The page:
April 24th, 2009
The games on the field are starting to become almost secondary to the drama surrounding the Cubs off it. They lost the opener of their series against the Cardinals 4-3 in St. Louis Friday. But the sub-stories will have most forgetting about that game almost immediately.
Four words I never want to hear: Carlos Marmol is injured. Or for that matter, Aramis Ramirez is injured. Friday's game featured both, with Aramis Ramirez leaving the game in the fifth with a strained calf, and Marmol exiting the game later with knee discomfort.
Fans, be very afraid. While the extent of their injuries is undetermined, and status unconfirmed, this is a very problematic situation. Carlos Marmol at least sounded like his injury was the less significant of the two, but any lower-body injury with Ramirez has to raise concern. Even if the Cubs don't place him on the disabled list, expect him to be babied over the next week-10 days, regardless.
Honestly though? It's a DL stint in waiting, especially given the lack of positional depth there on the 25 man roster. Either way, stay tuned.
But back to the game for a moment, where things got really interesting. In something of a desperate attempt to kick start a dormant offense, Lou went with what I might call an unconventional lineup against the Cardinals.
Alfonso Soriano, hitting third.
Ryan Theriot, hitting leadoff.
Derrek Lee, in perhaps a foretelling of things to come, hitting fifth.
Oh, and news out of the Cubs office that once Milton Bradley finally returns, expect him to get dropped in the lineup.
Piniella called it an attempt to get his best hitters more at-bats at the top of the lineup, but I think most if not all of us realize that when you're hitting Theriot at lead-off, you're really just grasping.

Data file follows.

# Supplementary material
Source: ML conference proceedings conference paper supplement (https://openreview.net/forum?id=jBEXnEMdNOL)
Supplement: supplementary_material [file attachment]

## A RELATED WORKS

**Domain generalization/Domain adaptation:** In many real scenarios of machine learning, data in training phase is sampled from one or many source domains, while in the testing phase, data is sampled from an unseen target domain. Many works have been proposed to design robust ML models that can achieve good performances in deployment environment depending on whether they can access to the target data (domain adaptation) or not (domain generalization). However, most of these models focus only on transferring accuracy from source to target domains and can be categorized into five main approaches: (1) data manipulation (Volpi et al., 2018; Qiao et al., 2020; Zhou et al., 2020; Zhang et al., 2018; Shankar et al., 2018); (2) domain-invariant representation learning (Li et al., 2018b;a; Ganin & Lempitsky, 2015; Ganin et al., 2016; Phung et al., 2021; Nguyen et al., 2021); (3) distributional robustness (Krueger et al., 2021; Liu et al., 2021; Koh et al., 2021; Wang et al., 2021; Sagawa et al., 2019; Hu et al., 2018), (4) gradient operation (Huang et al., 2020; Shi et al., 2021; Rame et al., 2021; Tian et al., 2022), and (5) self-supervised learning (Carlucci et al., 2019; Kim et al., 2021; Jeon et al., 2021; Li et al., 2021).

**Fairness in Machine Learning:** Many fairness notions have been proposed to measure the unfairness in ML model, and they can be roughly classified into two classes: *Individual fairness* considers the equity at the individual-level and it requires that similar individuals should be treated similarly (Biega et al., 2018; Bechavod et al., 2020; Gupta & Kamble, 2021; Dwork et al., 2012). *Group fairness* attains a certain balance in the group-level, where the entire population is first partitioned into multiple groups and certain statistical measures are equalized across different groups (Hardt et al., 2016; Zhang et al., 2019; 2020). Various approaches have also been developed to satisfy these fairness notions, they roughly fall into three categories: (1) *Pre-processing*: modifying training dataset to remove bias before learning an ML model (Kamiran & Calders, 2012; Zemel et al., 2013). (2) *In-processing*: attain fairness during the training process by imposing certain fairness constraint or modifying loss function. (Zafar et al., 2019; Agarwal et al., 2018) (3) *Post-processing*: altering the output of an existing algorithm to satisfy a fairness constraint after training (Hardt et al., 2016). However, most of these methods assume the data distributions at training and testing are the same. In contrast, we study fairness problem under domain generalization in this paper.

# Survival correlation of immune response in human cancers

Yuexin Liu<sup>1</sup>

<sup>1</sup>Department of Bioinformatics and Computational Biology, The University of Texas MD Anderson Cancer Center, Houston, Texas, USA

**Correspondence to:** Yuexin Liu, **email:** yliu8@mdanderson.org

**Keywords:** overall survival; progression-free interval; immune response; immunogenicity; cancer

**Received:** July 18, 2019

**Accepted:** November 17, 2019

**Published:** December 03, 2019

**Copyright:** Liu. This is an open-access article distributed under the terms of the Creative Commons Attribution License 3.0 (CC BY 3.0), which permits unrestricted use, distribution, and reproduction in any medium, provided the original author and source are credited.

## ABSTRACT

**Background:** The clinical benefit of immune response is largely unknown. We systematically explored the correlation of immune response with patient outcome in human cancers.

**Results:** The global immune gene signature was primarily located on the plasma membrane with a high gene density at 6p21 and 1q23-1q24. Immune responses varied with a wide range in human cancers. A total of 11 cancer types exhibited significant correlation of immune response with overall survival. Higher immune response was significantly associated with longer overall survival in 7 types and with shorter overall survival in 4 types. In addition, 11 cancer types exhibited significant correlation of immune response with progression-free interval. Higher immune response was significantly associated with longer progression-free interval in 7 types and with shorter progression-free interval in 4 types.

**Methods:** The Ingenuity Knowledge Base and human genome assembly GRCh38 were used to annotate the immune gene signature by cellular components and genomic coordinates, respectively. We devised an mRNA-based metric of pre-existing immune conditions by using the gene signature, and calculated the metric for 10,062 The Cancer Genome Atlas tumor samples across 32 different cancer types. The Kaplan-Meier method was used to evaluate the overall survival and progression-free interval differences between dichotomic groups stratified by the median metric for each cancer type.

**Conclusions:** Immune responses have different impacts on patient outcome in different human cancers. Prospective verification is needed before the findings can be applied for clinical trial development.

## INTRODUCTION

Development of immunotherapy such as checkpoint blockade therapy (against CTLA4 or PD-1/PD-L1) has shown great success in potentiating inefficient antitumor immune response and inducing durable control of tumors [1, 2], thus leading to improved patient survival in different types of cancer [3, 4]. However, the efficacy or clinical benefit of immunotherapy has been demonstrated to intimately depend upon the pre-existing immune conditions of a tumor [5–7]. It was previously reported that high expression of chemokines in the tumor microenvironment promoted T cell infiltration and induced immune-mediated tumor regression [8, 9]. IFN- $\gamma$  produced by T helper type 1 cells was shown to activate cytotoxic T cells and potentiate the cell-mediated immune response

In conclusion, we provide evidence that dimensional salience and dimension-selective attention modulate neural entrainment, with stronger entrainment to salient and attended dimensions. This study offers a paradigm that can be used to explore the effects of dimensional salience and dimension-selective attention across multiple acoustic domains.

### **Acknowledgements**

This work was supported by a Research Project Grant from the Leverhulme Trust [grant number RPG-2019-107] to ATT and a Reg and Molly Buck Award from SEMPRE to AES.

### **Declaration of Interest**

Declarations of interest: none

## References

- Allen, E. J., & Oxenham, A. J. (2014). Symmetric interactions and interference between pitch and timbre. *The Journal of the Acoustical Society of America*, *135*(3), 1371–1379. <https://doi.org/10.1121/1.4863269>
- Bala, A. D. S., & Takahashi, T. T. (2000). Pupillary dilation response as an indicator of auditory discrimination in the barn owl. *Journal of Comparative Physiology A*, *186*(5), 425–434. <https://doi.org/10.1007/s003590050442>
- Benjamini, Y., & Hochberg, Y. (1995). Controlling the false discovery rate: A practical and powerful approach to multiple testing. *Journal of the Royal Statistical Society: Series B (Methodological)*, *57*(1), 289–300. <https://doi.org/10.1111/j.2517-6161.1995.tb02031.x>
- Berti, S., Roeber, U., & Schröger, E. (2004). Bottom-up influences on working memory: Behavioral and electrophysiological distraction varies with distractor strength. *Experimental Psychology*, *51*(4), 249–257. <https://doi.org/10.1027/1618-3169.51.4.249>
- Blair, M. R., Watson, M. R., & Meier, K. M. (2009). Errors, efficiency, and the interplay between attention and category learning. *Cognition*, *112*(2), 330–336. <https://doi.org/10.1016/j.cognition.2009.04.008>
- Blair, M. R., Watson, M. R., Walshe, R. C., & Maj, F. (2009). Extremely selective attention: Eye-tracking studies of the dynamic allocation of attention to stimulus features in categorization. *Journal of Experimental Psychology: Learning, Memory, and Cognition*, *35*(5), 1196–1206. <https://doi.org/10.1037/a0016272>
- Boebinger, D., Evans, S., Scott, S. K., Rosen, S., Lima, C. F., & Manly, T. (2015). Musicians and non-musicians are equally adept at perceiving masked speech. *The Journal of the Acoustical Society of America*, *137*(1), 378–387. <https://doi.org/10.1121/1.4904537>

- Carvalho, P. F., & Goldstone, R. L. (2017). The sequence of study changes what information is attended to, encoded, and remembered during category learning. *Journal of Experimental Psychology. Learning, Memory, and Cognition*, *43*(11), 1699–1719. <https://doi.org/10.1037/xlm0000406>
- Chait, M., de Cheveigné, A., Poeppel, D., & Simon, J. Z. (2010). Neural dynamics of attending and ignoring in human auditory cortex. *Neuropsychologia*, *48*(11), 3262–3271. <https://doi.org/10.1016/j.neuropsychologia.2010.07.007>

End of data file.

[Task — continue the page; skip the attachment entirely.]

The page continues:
And for all you folks that were wondering, the trio went a collective 2-13 in their new spots. One can only hope that these experiments are short-lived.
But none of this—and really, I mean none—was more interesting that the Sun-Times interview with Milton Bradley. Normally, I don't recommend MSM pieces, mostly because they give me little reason to. But the Gordon Wittenmyer piece is a must read.
If you haven't been following, Bradley has shut off the Chicago media since the start of the home stand, supposedly feeling that the press would put too much focus on his injury.
I wouldn't have thought to much about it, but when he spit in their collective eye earlier this week, by granting his only post-game interview to cubs.com—a.ka., the House Scribe—and with great fan fare as on-looking media types watched, well, all bets are off.
Give it a read, and in the meantime, let me offer a couple of refreshing ideas for Milton. Your role in addressing the press is not an option, it's a responsibility. Period. The notion that you can go and hide away, while playing on an internationally followed sports team is infantile.
And if you don't like the flavor of the fans and media, don't sign the contract for future reference. Chicago media is no great secret. The Bradley reaction is something akin to getting into Chicago, and deciding that you're going to be 30 minutes later each day to the ball park than everyone else, because the traffic is bad. Or that you'll need more money, due to the expensive apartment that you'll need to get. These things are all natural to living and working in Chicago as an athlete. Sorry.
You got 30 million dollars in a bad market to be a leader on a major market team, and you need to understand and accept all the responsibilities that come with it.You're not playing, all your warts have been put on display in the first few weeks, and these distractions appear to be mostly of your own doing.
We're not even out of April, and it's already getting surreal in Cubbie Nation.
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